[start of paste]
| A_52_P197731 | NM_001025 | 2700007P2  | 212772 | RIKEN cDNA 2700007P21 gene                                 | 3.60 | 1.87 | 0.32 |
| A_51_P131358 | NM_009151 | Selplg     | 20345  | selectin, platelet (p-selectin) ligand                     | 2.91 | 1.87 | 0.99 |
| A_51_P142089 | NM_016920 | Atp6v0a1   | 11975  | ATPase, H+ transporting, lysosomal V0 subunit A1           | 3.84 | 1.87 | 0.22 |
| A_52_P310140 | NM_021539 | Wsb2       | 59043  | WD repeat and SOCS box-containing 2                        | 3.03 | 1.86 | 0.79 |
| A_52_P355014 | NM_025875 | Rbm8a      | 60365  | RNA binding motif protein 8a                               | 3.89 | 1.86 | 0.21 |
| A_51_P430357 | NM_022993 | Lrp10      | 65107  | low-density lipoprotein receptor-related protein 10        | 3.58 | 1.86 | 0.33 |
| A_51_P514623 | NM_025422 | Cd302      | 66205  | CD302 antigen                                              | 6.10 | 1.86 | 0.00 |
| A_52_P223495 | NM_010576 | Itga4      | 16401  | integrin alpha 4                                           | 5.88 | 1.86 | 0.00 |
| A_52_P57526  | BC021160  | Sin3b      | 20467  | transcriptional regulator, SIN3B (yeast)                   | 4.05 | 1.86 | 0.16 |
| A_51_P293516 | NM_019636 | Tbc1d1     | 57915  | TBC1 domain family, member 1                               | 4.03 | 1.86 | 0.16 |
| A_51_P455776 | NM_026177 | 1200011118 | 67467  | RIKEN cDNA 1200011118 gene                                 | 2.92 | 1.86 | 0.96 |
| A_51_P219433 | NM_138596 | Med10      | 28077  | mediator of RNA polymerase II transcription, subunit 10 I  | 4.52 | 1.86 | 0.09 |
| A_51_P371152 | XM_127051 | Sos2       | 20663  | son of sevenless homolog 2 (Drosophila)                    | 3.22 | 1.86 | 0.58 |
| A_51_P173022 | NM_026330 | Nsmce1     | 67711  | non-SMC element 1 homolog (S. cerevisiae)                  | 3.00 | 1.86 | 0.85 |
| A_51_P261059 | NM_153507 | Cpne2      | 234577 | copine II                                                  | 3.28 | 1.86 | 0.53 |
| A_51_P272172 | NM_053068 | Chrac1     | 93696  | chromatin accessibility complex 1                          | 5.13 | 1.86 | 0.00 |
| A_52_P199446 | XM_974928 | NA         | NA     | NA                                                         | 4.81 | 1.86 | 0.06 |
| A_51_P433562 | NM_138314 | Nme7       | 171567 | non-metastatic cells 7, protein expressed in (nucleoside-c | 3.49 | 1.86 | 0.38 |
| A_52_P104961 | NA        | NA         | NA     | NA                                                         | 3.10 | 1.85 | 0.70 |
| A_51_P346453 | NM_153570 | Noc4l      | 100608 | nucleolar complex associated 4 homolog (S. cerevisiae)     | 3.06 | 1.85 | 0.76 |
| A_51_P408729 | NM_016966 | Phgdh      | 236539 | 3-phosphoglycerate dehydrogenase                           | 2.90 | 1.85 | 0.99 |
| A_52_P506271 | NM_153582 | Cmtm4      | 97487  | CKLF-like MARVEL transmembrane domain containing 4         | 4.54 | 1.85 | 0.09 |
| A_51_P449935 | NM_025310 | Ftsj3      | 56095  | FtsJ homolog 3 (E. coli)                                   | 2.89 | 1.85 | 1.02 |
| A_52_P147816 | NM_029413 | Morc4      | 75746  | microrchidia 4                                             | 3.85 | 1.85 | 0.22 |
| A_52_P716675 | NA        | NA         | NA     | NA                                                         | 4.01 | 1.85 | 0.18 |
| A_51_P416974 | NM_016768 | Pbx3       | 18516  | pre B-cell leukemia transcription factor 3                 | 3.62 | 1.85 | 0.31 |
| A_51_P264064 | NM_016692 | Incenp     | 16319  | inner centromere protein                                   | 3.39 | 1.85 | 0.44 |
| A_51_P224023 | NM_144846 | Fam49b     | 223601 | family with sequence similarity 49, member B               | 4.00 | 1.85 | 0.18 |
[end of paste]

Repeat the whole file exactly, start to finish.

| A_52_P197731 | NM_001025 | 2700007P2  | 212772 | RIKEN cDNA 2700007P21 gene                                 | 3.60 | 1.87 | 0.32 |
| A_51_P131358 | NM_009151 | Selplg     | 20345  | selectin, platelet (p-selectin) ligand                     | 2.91 | 1.87 | 0.99 |
| A_51_P142089 | NM_016920 | Atp6v0a1   | 11975  | ATPase, H+ transporting, lysosomal V0 subunit A1           | 3.84 | 1.87 | 0.22 |
| A_52_P310140 | NM_021539 | Wsb2       | 59043  | WD repeat and SOCS box-containing 2                        | 3.03 | 1.86 | 0.79 |
| A_52_P355014 | NM_025875 | Rbm8a      | 60365  | RNA binding motif protein 8a                               | 3.89 | 1.86 | 0.21 |
| A_51_P430357 | NM_022993 | Lrp10      | 65107  | low-density lipoprotein receptor-related protein 10        | 3.58 | 1.86 | 0.33 |
| A_51_P514623 | NM_025422 | Cd302      | 66205  | CD302 antigen                                              | 6.10 | 1.86 | 0.00 |
| A_52_P223495 | NM_010576 | Itga4      | 16401  | integrin alpha 4                                           | 5.88 | 1.86 | 0.00 |
| A_52_P57526  | BC021160  | Sin3b      | 20467  | transcriptional regulator, SIN3B (yeast)                   | 4.05 | 1.86 | 0.16 |
| A_51_P293516 | NM_019636 | Tbc1d1     | 57915  | TBC1 domain family, member 1                               | 4.03 | 1.86 | 0.16 |
| A_51_P455776 | NM_026177 | 1200011118 | 67467  | RIKEN cDNA 1200011118 gene                                 | 2.92 | 1.86 | 0.96 |
| A_51_P219433 | NM_138596 | Med10      | 28077  | mediator of RNA polymerase II transcription, subunit 10 I  | 4.52 | 1.86 | 0.09 |
| A_51_P371152 | XM_127051 | Sos2       | 20663  | son of sevenless homolog 2 (Drosophila)                    | 3.22 | 1.86 | 0.58 |
| A_51_P173022 | NM_026330 | Nsmce1     | 67711  | non-SMC element 1 homolog (S. cerevisiae)                  | 3.00 | 1.86 | 0.85 |
| A_51_P261059 | NM_153507 | Cpne2      | 234577 | copine II                                                  | 3.28 | 1.86 | 0.53 |
| A_51_P272172 | NM_053068 | Chrac1     | 93696  | chromatin accessibility complex 1                          | 5.13 | 1.86 | 0.00 |
| A_52_P199446 | XM_974928 | NA         | NA     | NA                                                         | 4.81 | 1.86 | 0.06 |
| A_51_P433562 | NM_138314 | Nme7       | 171567 | non-metastatic cells 7, protein expressed in (nucleoside-c | 3.49 | 1.86 | 0.38 |
| A_52_P104961 | NA        | NA         | NA     | NA                                                         | 3.10 | 1.85 | 0.70 |
| A_51_P346453 | NM_153570 | Noc4l      | 100608 | nucleolar complex associated 4 homolog (S. cerevisiae)     | 3.06 | 1.85 | 0.76 |
| A_51_P408729 | NM_016966 | Phgdh      | 236539 | 3-phosphoglycerate dehydrogenase                           | 2.90 | 1.85 | 0.99 |
| A_52_P506271 | NM_153582 | Cmtm4      | 97487  | CKLF-like MARVEL transmembrane domain containing 4         | 4.54 | 1.85 | 0.09 |
| A_51_P449935 | NM_025310 | Ftsj3      | 56095  | FtsJ homolog 3 (E. coli)                                   | 2.89 | 1.85 | 1.02 |
| A_52_P147816 | NM_029413 | Morc4      | 75746  | microrchidia 4                                             | 3.85 | 1.85 | 0.22 |
| A_52_P716675 | NA        | NA         | NA     | NA                                                         | 4.01 | 1.85 | 0.18 |
| A_51_P416974 | NM_016768 | Pbx3       | 18516  | pre B-cell leukemia transcription factor 3                 | 3.62 | 1.85 | 0.31 |
| A_51_P264064 | NM_016692 | Incenp     | 16319  | inner centromere protein                                   | 3.39 | 1.85 | 0.44 |
| A_51_P224023 | NM_144846 | Fam49b     | 223601 | family with sequence similarity 49, member B               | 4.00 | 1.85 | 0.18 |